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Stud Fam Plann. 1998 Jun;29(2):154-66.

Sexual activity and contraceptive use: the components of the decisionmaking process.

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USAID, G/PHN/POP/P&E, Washington, DC 20523-3601, USA.


In light of the social consequences of early childbearing, unplanned pregnancy, and the transmission of AIDS, a great need exists to understand how adolescents make sexual and reproductive decisions. Drawing primarily on literature from sub-Saharan Africa, this article focuses on three behavioral outcomes: nonmarital sexual activity, contraceptive use, and condom use. It explores adolescent's perceptions of the costs and benefits of engaging in these behaviors, their assessment of their susceptibility to the potential consequences of their actions, and the role of family, peer, and dyadic factors in shaping their reproductive decisions. The literature reveals that cultural values regarding sexuality and gender roles, the power dimensions of adolescents' lives, and economic disadvantage exert powerful influences on the decisionmaking process. Decisions to engage in unprotected sex may also be based on insufficient knowledge and distorted judgements of the risks of becoming pregnant and acquiring sexually transmitted infections. Nondecisionmaking is found to be fairly common in some contexts.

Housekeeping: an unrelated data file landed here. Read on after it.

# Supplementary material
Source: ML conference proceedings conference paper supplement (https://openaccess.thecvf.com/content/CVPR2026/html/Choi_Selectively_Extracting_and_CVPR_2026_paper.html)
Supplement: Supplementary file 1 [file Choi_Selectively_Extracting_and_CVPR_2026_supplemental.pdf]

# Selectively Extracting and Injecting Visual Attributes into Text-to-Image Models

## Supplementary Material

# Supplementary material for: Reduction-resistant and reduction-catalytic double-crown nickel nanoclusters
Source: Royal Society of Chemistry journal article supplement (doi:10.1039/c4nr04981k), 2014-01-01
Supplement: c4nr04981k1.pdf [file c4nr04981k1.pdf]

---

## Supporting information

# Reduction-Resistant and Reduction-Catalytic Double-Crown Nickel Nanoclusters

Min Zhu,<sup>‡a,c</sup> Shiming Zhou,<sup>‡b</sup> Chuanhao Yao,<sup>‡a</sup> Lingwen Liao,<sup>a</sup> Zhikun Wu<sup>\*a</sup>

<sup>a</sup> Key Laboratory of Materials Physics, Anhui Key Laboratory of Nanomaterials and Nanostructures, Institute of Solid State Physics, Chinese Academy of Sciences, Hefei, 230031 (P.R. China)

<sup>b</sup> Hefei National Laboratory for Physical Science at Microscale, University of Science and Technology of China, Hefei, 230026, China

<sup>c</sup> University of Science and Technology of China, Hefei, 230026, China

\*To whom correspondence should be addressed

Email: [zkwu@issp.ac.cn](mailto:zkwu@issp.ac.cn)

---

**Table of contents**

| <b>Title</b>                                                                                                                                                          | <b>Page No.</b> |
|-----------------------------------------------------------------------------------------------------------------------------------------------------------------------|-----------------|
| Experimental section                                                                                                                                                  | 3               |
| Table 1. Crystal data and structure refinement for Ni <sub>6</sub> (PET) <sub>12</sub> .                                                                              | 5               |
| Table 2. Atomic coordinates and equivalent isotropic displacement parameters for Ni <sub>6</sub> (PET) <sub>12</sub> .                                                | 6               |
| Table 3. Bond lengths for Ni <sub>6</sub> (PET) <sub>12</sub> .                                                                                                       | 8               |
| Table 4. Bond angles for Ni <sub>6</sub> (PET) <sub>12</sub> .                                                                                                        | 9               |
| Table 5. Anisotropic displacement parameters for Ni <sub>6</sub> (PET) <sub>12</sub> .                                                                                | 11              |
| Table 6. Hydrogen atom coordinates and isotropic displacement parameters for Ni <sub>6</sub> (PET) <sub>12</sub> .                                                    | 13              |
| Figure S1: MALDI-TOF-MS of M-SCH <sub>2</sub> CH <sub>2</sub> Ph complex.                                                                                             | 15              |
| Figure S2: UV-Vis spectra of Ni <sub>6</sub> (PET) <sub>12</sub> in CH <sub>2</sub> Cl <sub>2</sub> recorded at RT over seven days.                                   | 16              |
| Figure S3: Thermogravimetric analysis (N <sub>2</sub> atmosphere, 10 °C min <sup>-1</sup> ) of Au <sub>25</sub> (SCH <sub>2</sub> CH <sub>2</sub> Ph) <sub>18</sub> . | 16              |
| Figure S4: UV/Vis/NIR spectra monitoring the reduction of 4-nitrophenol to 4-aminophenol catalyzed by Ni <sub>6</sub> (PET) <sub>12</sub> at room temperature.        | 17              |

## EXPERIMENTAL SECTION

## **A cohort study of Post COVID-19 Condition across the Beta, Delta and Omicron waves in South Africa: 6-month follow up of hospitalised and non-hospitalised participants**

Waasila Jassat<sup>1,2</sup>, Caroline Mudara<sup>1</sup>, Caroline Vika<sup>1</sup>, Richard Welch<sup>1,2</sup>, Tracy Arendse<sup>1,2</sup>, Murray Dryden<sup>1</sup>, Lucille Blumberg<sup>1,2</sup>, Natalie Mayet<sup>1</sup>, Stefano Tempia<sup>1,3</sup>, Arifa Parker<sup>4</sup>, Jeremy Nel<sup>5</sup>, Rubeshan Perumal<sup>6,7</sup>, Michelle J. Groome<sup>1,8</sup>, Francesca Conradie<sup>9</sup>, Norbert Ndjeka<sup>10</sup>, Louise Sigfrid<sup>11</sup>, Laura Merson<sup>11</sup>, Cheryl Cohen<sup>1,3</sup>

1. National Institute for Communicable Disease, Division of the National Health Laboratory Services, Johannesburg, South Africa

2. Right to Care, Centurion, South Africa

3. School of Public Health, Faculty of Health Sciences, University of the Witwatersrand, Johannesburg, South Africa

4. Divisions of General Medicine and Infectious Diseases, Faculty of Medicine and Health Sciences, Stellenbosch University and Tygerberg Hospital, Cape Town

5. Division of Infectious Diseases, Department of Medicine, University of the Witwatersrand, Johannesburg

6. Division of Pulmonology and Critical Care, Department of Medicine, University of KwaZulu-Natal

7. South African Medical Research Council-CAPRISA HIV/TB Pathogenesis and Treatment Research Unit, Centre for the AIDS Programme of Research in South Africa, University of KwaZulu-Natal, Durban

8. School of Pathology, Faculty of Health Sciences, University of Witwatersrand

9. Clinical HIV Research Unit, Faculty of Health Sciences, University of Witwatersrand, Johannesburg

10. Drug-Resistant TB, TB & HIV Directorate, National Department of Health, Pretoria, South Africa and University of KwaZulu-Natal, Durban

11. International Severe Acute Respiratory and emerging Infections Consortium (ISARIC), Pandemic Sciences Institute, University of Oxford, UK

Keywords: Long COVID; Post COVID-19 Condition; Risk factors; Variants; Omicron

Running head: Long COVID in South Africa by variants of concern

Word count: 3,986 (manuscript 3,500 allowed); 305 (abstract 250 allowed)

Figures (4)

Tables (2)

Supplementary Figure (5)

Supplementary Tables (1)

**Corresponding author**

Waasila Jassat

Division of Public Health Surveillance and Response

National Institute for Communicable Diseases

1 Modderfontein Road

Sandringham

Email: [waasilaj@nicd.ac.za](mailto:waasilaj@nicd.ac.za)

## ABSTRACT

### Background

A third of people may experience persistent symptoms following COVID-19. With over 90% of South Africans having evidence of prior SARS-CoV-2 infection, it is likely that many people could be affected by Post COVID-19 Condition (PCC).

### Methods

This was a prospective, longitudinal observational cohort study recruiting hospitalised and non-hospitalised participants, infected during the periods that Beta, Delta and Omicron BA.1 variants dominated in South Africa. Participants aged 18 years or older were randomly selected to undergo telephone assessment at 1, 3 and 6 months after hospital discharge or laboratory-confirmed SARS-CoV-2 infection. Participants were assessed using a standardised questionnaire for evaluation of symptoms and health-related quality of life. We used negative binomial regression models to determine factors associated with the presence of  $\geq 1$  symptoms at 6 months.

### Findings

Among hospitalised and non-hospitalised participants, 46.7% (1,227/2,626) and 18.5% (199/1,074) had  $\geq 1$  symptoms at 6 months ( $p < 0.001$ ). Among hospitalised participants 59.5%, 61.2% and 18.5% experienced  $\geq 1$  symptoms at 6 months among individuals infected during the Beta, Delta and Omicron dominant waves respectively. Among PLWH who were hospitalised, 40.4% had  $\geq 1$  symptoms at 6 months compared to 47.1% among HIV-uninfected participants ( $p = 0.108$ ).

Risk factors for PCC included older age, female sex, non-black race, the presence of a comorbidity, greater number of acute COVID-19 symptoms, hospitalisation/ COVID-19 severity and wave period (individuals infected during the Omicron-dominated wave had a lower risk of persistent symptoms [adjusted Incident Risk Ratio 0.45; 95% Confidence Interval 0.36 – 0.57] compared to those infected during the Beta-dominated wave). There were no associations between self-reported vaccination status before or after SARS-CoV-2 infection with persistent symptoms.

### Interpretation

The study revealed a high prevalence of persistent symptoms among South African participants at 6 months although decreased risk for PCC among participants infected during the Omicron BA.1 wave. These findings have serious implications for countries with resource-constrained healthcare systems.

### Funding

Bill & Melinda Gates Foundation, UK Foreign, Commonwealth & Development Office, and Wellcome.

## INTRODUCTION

Adolescents appear to make decisions about sexual activity and contraceptive use in an idiosyncratic manner. This paper reviews the research literature on three aspects of this decision-making process: whether or not to engage in premarital intercourse, whether or not to use contraception, and whether or not to use a condom to protect against sexually transmitted diseases (STDs). The conceptual framework utilized in this analysis considers these decisions to be based on a consideration of the costs and benefits of engaging or not engaging in a particular behavior, an assessment of the risks of becoming pregnant or contracting an STD, norms perceived to be held by significant others, a willingness to conform to the wishes of these significant others, and self-efficacy in decision making. The literature indicates that cultural norms regarding sexuality and gender roles, the power dimensions of adolescents' lives, and economic disadvantage exert powerful influences on the decision-making process. In sub-Saharan Africa, where women's access to resources and social opportunity is limited, early marriage and childbearing are likely to be viewed as a means of obtaining necessary resources or as markers of social and personal achievement. In South Africa, the popular view that AIDS is a conspiracy aimed at reducing the African population may lead teenagers to underestimate their vulnerability to HIV infection. Socialization patterns often prepare young women to accept male domination in sexual encounters. Greater attention is needed in the research literature to the structural barriers to pregnancy and STD prevention, including providers' attitudes toward adolescent sexuality, service location, and lack of privacy.

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